Abercrombie celebrates male beauty, while quietly promoting its clothes
We are posted, like voyeurs, in the corner, watching a scene as carnal and voluptuous as any cinematic love act or perfume commercial.
“You’ve cried with him, you’ve gone through pain with him, and a commitment, a passion, for something you love,” a college student says in the voiceover. “You’ve stared [him] in the eye and you can hear his heart racing,” says another. They are absorbed in each other, transfixed, intense. What kind of mating dance is this?
Kids, this is wrestling, courtesy of photographer Bruce Weber for Abercrombie & Fitch, and according to the tagline, “It’s what men do in boys’ basketball season.”
These guys, so artfully shot in black-and-white and slow motion, are actual wrestlers from the University of Iowa and the University of Miami.
And this is not the World Wrestling Federation–it’s a serious Olympic sport. We watch the participants train and talk about pain. What they say and what we see makes for an oral versus visual cognitive dissonance. On one hand, as we hear these wrestlers speak, they tell war stories about the agony of the sport. One guy says, “For my first match, I was like 68 pounds, and I was up against a guy who was 110 pounds. My dad came to watch me, and the guy busted my lip, and my dad was like, “Alright, you’re becoming a man.”
Another wrestler talks about his coach grabbing him by the shoulder and just slapping him across the face. He was mad, he said, “but it gave me what I was lacking at the time.”
So there we have the straight, in every sense, stereotypical path of toughening up, not-showing-your-feelings route to becoming a man. No doubt this is what writer John Irving subscribed to as a wrestler in prep school. He has even posed in a wrestling singlet, which looks like an old-fashioned, one-piece bathing suit.
In the ads, however, the guys occasionally wear T-shirts above their shorts, but not often. Mostly, as with Weber’s oeuvre, it’s about the bodies, and the beauty of their form, in the same way Michelangelo’s David is about the body. See these beautiful, sweaty young men. See them run, stretch, jump rope and grunt.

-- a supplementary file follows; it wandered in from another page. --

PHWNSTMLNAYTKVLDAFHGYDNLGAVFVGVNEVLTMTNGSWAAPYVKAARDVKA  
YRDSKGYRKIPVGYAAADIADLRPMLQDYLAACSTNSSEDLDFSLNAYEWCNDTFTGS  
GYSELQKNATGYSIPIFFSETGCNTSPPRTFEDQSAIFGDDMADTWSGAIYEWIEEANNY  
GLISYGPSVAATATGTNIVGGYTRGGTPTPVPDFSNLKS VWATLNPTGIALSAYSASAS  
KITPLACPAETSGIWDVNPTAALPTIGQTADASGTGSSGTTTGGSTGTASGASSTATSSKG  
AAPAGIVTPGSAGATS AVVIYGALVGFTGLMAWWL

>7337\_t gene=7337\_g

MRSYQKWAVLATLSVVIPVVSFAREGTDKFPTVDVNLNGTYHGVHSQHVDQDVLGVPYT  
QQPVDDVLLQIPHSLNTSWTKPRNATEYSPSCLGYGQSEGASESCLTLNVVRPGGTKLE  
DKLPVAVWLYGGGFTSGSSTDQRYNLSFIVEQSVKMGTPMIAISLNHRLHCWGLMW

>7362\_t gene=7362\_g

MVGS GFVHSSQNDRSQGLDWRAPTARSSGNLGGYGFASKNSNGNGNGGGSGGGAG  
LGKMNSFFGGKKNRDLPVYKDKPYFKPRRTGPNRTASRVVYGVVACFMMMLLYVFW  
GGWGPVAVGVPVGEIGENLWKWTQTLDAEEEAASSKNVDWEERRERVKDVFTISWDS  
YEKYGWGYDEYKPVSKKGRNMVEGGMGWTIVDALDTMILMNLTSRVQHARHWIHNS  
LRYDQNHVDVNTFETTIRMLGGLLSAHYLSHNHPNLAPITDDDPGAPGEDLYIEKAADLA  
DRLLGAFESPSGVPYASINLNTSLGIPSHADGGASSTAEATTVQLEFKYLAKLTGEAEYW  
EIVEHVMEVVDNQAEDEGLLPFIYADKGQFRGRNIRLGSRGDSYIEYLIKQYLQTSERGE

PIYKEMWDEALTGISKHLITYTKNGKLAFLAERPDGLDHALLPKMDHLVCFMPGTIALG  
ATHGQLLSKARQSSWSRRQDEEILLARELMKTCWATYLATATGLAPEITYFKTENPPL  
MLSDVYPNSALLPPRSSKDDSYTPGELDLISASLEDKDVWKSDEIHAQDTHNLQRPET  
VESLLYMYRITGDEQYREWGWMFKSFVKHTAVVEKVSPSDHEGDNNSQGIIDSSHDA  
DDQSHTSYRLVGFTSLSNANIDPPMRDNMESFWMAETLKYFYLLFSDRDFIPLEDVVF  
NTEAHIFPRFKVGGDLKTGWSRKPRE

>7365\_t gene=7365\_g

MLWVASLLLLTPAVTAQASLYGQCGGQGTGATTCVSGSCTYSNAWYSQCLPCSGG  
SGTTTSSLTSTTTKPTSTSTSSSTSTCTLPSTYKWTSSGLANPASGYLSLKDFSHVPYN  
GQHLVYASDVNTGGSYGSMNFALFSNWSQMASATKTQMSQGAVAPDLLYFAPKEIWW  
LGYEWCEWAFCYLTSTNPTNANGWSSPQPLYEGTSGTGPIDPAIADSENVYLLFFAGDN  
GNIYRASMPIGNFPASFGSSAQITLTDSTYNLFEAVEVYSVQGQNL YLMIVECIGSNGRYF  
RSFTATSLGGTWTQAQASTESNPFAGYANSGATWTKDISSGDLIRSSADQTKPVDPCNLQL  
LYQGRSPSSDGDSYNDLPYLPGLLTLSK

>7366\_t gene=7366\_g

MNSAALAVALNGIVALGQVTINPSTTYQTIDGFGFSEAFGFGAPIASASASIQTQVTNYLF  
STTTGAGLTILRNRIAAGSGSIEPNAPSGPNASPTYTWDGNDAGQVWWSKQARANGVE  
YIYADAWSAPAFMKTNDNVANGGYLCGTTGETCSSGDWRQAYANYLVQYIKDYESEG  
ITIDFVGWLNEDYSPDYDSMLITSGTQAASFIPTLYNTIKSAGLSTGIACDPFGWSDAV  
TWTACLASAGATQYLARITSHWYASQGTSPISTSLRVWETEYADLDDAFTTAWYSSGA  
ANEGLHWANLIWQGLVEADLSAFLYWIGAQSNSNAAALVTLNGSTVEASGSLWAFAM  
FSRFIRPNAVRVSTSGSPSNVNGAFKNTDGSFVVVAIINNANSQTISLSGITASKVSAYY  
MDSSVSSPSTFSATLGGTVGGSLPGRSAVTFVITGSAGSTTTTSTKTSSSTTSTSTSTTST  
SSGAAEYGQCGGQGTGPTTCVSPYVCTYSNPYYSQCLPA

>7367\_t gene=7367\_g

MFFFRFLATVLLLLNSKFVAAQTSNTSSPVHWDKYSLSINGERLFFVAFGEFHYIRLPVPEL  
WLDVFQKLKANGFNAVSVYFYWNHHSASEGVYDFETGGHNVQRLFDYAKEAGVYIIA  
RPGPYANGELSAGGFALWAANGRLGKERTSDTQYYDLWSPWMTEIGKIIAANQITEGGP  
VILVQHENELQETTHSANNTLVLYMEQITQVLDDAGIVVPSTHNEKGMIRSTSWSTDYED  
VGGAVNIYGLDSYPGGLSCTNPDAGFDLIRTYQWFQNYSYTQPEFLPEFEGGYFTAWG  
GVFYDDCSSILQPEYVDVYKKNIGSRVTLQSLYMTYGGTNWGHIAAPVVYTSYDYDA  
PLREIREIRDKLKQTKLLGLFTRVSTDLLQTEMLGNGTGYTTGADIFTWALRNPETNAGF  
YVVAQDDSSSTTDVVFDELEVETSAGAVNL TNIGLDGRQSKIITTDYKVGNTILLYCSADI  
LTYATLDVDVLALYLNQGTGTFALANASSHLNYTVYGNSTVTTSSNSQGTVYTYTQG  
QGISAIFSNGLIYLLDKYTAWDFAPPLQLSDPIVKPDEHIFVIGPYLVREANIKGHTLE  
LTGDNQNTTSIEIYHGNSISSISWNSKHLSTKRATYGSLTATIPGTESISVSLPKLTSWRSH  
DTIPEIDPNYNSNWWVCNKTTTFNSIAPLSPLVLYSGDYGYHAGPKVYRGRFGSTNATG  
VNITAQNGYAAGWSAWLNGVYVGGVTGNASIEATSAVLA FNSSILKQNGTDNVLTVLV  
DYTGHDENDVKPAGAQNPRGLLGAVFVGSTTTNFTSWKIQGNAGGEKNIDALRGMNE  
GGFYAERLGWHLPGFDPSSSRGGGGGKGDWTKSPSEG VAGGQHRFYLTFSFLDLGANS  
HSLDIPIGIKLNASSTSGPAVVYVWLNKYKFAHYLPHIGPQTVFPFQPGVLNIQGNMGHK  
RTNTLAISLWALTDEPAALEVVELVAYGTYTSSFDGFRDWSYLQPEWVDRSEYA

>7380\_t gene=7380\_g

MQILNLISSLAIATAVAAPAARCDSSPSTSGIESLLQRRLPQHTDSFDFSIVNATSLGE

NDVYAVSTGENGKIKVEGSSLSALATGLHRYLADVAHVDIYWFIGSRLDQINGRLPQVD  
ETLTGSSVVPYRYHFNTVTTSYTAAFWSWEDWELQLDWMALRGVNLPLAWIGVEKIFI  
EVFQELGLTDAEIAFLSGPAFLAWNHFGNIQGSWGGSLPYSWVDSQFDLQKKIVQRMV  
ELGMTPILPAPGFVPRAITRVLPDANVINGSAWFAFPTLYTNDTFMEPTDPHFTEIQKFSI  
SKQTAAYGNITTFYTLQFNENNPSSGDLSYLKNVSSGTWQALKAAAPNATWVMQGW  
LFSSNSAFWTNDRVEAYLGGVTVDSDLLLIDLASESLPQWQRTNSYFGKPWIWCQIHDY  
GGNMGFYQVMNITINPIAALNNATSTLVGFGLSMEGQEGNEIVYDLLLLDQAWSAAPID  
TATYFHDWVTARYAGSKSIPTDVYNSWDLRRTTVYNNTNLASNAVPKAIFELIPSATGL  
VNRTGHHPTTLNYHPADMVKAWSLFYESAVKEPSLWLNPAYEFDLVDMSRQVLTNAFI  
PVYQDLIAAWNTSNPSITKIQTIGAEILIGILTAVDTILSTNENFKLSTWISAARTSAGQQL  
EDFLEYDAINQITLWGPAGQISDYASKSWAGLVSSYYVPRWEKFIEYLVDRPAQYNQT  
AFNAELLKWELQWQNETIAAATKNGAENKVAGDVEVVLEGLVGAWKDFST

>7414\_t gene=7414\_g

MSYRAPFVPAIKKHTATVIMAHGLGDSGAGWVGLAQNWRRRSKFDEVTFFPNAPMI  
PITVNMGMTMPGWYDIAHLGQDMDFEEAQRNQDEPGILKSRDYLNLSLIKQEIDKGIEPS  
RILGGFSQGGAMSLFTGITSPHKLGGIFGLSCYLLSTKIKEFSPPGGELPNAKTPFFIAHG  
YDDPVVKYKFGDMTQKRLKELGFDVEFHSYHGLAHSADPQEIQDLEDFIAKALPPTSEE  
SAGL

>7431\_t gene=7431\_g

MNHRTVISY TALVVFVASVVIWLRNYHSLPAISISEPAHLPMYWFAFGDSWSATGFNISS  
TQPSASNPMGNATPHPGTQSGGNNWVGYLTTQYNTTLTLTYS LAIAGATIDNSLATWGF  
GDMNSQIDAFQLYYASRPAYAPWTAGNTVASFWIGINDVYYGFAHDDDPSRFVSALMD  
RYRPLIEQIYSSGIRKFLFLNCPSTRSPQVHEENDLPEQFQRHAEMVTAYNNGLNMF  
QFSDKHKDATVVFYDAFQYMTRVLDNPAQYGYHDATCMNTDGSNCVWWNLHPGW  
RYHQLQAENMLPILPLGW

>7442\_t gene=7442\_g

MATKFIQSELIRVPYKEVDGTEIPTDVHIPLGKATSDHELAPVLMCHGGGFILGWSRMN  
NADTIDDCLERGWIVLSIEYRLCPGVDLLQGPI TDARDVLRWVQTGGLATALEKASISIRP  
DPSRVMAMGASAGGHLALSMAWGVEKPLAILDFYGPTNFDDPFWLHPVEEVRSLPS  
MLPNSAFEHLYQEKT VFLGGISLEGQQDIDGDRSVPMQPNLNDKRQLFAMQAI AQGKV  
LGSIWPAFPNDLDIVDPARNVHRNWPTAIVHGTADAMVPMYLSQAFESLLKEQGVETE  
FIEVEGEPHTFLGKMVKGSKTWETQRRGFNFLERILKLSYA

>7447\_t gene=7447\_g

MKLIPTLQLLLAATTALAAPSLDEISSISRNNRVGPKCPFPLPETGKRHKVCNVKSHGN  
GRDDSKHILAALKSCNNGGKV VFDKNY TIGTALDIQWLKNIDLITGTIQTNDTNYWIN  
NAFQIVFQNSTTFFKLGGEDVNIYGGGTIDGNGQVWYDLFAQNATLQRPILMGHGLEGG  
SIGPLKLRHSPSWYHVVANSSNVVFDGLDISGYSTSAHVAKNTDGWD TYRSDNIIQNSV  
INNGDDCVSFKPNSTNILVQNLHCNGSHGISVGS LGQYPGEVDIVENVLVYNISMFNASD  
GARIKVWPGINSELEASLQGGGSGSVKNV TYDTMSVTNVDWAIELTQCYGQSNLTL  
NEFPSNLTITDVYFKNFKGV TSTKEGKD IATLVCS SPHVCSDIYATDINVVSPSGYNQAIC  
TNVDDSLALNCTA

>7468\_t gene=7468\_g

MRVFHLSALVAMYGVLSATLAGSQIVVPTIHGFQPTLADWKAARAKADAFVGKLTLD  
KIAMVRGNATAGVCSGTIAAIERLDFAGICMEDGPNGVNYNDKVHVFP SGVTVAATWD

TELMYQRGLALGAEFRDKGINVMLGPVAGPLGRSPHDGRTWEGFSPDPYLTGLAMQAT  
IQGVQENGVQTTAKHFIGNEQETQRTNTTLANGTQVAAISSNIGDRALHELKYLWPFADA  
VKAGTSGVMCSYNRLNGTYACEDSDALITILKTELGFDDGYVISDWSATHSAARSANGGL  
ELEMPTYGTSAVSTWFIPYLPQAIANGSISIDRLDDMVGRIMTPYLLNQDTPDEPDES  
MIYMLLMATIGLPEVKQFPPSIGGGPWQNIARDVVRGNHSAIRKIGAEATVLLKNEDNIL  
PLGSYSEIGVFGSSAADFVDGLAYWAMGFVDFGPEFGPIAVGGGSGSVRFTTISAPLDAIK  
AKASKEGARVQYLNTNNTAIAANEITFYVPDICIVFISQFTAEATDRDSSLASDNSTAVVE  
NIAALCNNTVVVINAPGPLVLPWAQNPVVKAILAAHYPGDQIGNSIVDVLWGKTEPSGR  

In one weirdly affecting exercise, each big, buff, bare-chested guy must carry another big, buff, bare-chested guy across the gym. Even though it is a test of strength, there’s something tender going on here. Throughout, they display their glistening chests in all their pec-titude.
Through this lens, it’s breastling, not wresting. It’s more than 20 years since Calvin Klein startled the world with a new definition of beauty–objectified male beauty–as photographed by Weber. Sam Shahid, whose shop Shahid & Co. has done all the Abercrombie spots, worked at Klein’s in-house agency in those years and was also responsible for many of those ads.
When I asked Shahid about the homoerotic nature of some of the shots, never mind the clenches, he said, “I don’t see that at all. It’s almost like the army, except the army isn’t fun. These guys are doing it for love, not money. And sports is about body contact.”
Do these commercials contribute to Abercrombie’s huge success in wooing the high school and early college crowd? I see these big, burly guys in Abercrombie clothing from head to toe and wonder if they’ve been affected by the provocative ads.
These spots, however, are a bit different. It’s not man as sex object, which is as familiar as grandma’s wallpaper. It’s not only about a pose, about putting models on pedestals, like the Victoria’s Secret cleavage-bearers. Instead, it’s capturing the training process of wrestling, which is as ritualized as Kabuki, and that’s interesting. It’s even ancient.
There are early Egyptian hieroglyphics depicting wrestlers. This work is as stylized as any ancient image; it’s just the modern American version: Abercrombie Babylon.
Abercrombie & Fitch
Agency: Shahid & Co. New York
Creative Director: Sam Shahid
Director: Bruce Weber
Producer: Michael Capotosto
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